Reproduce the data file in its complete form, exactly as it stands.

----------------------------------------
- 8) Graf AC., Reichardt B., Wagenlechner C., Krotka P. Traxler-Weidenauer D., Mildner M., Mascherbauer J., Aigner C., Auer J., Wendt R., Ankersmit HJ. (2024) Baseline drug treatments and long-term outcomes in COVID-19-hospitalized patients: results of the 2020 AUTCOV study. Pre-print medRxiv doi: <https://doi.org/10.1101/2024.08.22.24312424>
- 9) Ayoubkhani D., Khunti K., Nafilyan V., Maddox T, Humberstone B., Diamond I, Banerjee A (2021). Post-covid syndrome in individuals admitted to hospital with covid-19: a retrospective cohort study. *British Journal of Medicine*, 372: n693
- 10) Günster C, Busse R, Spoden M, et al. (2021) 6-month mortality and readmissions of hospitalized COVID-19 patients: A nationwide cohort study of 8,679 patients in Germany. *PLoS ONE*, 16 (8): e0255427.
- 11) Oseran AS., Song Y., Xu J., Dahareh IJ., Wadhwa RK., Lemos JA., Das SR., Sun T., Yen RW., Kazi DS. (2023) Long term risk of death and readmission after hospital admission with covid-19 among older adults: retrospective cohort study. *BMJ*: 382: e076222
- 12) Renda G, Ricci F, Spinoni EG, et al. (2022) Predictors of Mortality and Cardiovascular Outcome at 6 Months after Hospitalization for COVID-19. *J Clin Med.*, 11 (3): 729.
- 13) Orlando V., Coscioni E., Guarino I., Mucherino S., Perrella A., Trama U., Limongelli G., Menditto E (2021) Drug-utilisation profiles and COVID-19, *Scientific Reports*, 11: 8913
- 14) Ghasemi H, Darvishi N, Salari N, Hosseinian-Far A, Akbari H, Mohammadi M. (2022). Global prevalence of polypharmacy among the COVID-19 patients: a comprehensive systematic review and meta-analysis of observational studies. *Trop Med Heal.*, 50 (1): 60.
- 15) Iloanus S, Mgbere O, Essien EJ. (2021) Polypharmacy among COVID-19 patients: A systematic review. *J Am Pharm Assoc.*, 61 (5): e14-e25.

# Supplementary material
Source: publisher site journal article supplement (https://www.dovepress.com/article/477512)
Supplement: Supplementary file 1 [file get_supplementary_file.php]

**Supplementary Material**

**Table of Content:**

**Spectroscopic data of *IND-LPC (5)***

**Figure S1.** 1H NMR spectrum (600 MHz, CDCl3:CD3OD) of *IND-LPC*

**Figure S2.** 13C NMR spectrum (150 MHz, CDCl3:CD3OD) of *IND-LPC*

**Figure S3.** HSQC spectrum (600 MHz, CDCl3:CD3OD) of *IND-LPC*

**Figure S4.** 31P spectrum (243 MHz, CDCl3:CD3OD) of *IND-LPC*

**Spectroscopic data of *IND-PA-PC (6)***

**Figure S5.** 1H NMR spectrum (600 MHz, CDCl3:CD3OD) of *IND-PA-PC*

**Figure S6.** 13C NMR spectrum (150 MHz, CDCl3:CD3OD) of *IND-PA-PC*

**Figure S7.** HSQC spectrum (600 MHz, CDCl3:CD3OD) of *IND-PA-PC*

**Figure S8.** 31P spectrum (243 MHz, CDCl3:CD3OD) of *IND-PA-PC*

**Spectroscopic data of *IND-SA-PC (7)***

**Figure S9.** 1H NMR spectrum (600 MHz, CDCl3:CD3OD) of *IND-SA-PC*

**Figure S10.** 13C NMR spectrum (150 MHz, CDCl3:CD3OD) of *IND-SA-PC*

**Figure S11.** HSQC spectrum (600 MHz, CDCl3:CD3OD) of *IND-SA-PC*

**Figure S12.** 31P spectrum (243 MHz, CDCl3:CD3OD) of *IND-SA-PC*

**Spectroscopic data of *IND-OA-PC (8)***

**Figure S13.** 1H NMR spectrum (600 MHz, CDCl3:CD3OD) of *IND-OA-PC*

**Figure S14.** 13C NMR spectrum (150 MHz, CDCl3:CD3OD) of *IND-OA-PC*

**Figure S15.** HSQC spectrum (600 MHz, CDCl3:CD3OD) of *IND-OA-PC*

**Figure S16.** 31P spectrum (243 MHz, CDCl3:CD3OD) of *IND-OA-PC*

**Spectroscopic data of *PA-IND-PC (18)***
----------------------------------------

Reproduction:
- 8) Graf AC., Reichardt B., Wagenlechner C., Krotka P. Traxler-Weidenauer D., Mildner M., Mascherbauer J., Aigner C., Auer J., Wendt R., Ankersmit HJ. (2024) Baseline drug treatments and long-term outcomes in COVID-19-hospitalized patients: results of the 2020 AUTCOV study. Pre-print medRxiv doi: <https://doi.org/10.1101/2024.08.22.24312424>
- 9) Ayoubkhani D., Khunti K., Nafilyan V., Maddox T, Humberstone B., Diamond I, Banerjee A (2021). Post-covid syndrome in individuals admitted to hospital with covid-19: a retrospective cohort study. *British Journal of Medicine*, 372: n693
- 10) Günster C, Busse R, Spoden M, et al. (2021) 6-month mortality and readmissions of hospitalized COVID-19 patients: A nationwide cohort study of 8,679 patients in Germany. *PLoS ONE*, 16 (8): e0255427.
- 11) Oseran AS., Song Y., Xu J., Dahareh IJ., Wadhwa RK., Lemos JA., Das SR., Sun T., Yen RW., Kazi DS. (2023) Long term risk of death and readmission after hospital admission with covid-19 among older adults: retrospective cohort study. *BMJ*: 382: e076222
- 12) Renda G, Ricci F, Spinoni EG, et al. (2022) Predictors of Mortality and Cardiovascular Outcome at 6 Months after Hospitalization for COVID-19. *J Clin Med.*, 11 (3): 729.
- 13) Orlando V., Coscioni E., Guarino I., Mucherino S., Perrella A., Trama U., Limongelli G., Menditto E (2021) Drug-utilisation profiles and COVID-19, *Scientific Reports*, 11: 8913
- 14) Ghasemi H, Darvishi N, Salari N, Hosseinian-Far A, Akbari H, Mohammadi M. (2022). Global prevalence of polypharmacy among the COVID-19 patients: a comprehensive systematic review and meta-analysis of observational studies. *Trop Med Heal.*, 50 (1): 60.
- 15) Iloanus S, Mgbere O, Essien EJ. (2021) Polypharmacy among COVID-19 patients: A systematic review. *J Am Pharm Assoc.*, 61 (5): e14-e25.

# Supplementary material
Source: publisher site journal article supplement (https://www.dovepress.com/article/477512)
Supplement: Supplementary file 1 [file get_supplementary_file.php]

**Supplementary Material**

**Table of Content:**

**Spectroscopic data of *IND-LPC (5)***

**Figure S1.** 1H NMR spectrum (600 MHz, CDCl3:CD3OD) of *IND-LPC*

**Figure S2.** 13C NMR spectrum (150 MHz, CDCl3:CD3OD) of *IND-LPC*

**Figure S3.** HSQC spectrum (600 MHz, CDCl3:CD3OD) of *IND-LPC*

**Figure S4.** 31P spectrum (243 MHz, CDCl3:CD3OD) of *IND-LPC*

**Spectroscopic data of *IND-PA-PC (6)***

**Figure S5.** 1H NMR spectrum (600 MHz, CDCl3:CD3OD) of *IND-PA-PC*

**Figure S6.** 13C NMR spectrum (150 MHz, CDCl3:CD3OD) of *IND-PA-PC*

**Figure S7.** HSQC spectrum (600 MHz, CDCl3:CD3OD) of *IND-PA-PC*

**Figure S8.** 31P spectrum (243 MHz, CDCl3:CD3OD) of *IND-PA-PC*

**Spectroscopic data of *IND-SA-PC (7)***

**Figure S9.** 1H NMR spectrum (600 MHz, CDCl3:CD3OD) of *IND-SA-PC*

**Figure S10.** 13C NMR spectrum (150 MHz, CDCl3:CD3OD) of *IND-SA-PC*

**Figure S11.** HSQC spectrum (600 MHz, CDCl3:CD3OD) of *IND-SA-PC*

**Figure S12.** 31P spectrum (243 MHz, CDCl3:CD3OD) of *IND-SA-PC*

**Spectroscopic data of *IND-OA-PC (8)***

**Figure S13.** 1H NMR spectrum (600 MHz, CDCl3:CD3OD) of *IND-OA-PC*

**Figure S14.** 13C NMR spectrum (150 MHz, CDCl3:CD3OD) of *IND-OA-PC*

**Figure S15.** HSQC spectrum (600 MHz, CDCl3:CD3OD) of *IND-OA-PC*

**Figure S16.** 31P spectrum (243 MHz, CDCl3:CD3OD) of *IND-OA-PC*

**Spectroscopic data of *PA-IND-PC (18)***